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Honda CRF250F - Modifications
March 16, 2019 version

 Introduction 

 Modifications 

 Documents 

 Fuel Injection 

 Break In 

Click pictures to  supersize.

ALERT - Break-in starts tomorrow, Sunday, March 17.

See Break In 

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I modify most motorcycles that I buy. As a must-do mod, I replace the stock handlebars with aftermarket bars that I have used for many years. I like the rise and set-back, and they are aluminum, of course. I find that there are other small tweaks that I prefer, and apply those as appropriate. And I usually remove plastic that I consider useless. In particular, side number plates.

Guiding principles:
Preserve and enhance reliability (survival in the back-country)
Street-legal (DS) equipment to obtain street licensing (connect trails and areas)
Reduce weight.
Improve performance.
Enhance comfort.

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So on with the show, if I can just find some room to work.
  
  
  
  
  
Bored reading? Take a break.
  
Video of Race in Brazil:
CRF250F wins the 5th Challenge...

NOTICE    -    Bank Angle Sensor Ignition Cut-off System

Your motorcycle's banking (lean angle) sensor system is designed to automatically stop the engine and fuel pump if the motorcycle is overturned.

Before restarting the engine, you must turn the ignition switch (key) to the OFF position and then back to ● (ON). The engine will not restart until you perform this procedure.

Page 28 of the 2019 CRF250F Owner's Manual. 0750.2018.09.K


ramz note: the BAS (bank angle sensor) function check shows:
 Start the engine.
 Incline the bank angle sensor approximately 60° to the left or right.
 The bank angle sensor is normal if the engine stops after a few seconds.
 
Page 4-32 of the 2019 CRF250F Honda Service Manual 61K9900, September 2018
 
60° !?? I'm gonna have to disconnect the BAS when I ride the 'fun' trails.

  

                                         Alphabetical table of contents 

Air box 
Dual Sport mods 
Gearing/Sprockets 
GPSr mount 
Handlebar, grips, and handguards 
Headlight 
Horn 
Kouba Link 
Manufacturer labels and stampings 
Mirror 
MoJavi saddlebags 
Muffler 
Seat bolt lock washers 
Seat Concepts seat 
Shifter bolt 
 
Side number plates 
Skidplate 
Tach/Hour meter 
Taillight and license plate holder 
Throttle cable 
Tie-down brackets 
Tires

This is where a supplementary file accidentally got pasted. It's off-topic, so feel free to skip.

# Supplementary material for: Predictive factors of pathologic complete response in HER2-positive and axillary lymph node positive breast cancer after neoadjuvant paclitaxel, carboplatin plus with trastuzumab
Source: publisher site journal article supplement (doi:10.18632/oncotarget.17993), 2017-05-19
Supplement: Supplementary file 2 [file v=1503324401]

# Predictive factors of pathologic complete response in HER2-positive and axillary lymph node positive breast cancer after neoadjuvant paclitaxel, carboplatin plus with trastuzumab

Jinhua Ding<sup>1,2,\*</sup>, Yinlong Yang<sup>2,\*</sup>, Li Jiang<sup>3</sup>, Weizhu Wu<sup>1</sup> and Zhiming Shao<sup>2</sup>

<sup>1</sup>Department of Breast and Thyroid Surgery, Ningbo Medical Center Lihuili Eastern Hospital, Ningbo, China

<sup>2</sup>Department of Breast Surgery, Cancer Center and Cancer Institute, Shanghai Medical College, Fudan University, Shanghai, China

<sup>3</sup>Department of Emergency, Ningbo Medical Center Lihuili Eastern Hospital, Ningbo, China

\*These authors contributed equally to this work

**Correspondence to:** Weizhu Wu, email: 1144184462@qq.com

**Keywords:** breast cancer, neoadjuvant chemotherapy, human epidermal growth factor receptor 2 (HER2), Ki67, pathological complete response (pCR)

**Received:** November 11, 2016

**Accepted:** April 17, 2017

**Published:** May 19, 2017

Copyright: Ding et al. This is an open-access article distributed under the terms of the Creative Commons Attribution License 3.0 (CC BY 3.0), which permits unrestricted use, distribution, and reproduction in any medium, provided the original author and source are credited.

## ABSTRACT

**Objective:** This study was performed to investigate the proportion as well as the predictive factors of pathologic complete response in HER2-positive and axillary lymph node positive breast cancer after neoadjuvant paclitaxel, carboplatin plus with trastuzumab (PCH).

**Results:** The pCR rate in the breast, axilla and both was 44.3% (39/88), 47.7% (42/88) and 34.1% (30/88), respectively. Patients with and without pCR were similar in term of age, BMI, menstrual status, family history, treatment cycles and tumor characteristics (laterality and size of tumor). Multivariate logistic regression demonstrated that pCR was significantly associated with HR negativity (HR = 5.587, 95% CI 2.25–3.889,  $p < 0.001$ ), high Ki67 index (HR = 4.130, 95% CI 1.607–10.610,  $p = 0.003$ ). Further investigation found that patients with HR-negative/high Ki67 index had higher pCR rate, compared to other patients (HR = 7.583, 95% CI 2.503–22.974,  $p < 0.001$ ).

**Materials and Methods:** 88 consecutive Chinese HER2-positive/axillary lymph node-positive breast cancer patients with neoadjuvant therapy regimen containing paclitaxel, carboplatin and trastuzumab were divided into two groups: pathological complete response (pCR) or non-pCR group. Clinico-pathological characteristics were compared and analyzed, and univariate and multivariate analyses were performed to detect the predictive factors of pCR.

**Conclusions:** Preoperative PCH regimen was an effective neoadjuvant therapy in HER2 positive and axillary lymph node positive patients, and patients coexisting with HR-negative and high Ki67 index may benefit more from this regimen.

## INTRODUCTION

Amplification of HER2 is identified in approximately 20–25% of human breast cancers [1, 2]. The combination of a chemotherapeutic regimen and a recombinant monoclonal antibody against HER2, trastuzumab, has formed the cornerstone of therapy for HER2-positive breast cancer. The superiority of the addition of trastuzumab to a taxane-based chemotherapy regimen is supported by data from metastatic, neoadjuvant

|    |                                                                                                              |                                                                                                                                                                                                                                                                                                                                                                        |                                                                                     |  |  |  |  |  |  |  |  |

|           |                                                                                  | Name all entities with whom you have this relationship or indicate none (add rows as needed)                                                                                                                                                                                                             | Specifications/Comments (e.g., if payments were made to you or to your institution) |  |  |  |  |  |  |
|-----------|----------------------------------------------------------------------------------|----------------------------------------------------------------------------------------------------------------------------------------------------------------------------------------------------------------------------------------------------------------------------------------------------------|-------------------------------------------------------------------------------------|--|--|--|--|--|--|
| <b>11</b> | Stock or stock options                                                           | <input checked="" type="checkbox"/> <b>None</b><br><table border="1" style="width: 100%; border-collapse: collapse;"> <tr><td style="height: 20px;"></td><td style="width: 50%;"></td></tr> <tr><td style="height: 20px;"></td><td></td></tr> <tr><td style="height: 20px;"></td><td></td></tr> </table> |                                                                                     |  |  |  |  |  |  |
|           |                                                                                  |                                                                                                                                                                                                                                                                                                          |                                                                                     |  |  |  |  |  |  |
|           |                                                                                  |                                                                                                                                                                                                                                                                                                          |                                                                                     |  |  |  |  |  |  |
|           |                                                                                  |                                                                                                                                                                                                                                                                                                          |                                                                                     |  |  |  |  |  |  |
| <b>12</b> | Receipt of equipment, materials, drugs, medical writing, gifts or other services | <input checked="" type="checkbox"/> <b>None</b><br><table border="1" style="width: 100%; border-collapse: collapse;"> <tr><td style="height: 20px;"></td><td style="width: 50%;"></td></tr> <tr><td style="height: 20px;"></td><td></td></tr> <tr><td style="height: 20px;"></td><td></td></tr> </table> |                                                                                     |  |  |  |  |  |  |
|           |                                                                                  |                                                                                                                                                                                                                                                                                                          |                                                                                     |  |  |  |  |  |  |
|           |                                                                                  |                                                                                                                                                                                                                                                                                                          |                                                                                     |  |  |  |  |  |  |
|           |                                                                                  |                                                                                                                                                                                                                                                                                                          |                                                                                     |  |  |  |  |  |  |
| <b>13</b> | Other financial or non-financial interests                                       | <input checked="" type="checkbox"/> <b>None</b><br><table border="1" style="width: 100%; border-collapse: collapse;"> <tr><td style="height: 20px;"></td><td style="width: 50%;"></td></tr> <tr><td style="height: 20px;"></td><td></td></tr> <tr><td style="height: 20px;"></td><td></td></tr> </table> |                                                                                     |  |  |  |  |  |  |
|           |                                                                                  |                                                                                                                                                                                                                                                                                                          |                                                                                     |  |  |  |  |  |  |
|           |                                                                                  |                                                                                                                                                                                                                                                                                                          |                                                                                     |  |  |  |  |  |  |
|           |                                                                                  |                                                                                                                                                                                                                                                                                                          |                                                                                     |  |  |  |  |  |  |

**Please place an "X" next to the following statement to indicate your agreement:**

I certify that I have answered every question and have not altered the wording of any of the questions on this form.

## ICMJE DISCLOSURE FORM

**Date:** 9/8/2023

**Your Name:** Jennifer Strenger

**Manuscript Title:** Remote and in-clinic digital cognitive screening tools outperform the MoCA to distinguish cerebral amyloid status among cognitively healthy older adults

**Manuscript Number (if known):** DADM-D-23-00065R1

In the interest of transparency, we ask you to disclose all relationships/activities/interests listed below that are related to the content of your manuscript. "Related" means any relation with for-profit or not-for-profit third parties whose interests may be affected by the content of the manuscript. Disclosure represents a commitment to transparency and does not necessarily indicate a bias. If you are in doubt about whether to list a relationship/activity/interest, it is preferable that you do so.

Modifications are shown below in roughly the order I did them.

I live in Salida, a small town in central Colorado. The nearest motorcycle shop is 60 miles away (Gunnison) with more shops in the front range 100 or more miles away. So I do most of my shopping online. I buy Honda parts from one or more of the online vendors shown in this list on the Introduction page. I buy non-Honda parts from Amazon , Rocky Mountain ATV/MC ,  MotoSPORT.com , and other online vendors as I encounter them in Google searches for specific products. I do not endorse nor disparage any vendor or parts they sell. I buy parts, install them, and report any features and/or problems I find. There are certainly many other vendors who sell perfectly useable products - Google is your friend.

 

Weigh-in

The first thing I did when I got my 250F home was empty the gas tank and weigh the bike. It weighed 248 pounds. The bike was stone stock, no mods. All fluids checked and topped up, and the gas tank was empty.

About that number. I weigh bikes using a WalMart scale I bought 20 years ago. I don't use the scale in the house; it's strictly used to weigh things in the garage, so it gets very little use. I check its accuracy now and then by weighing myself at Dr appointments, and then coming home and see how close my scale is to the Dr's scale. It's usually within a pound or two.

So why don't my numbers match Honda or Yamaha or other moto maker's numbers? Can't really say. But I don't really care. I only care how heavy my bikes are comparing one to another. So how does 248 pounds compare?

CRF230F - 233        CRF250F - 248        CRF250L - 298

This is great! These numbers are for brand new bikes, fully set up to ride, with no fuel. No matter what mods I do (adding and removing weight), these numbers represent a base weight that is probably 95% of the finished modified bike weight.

Furthermore, the weights relate to the intended use of these motos thusly: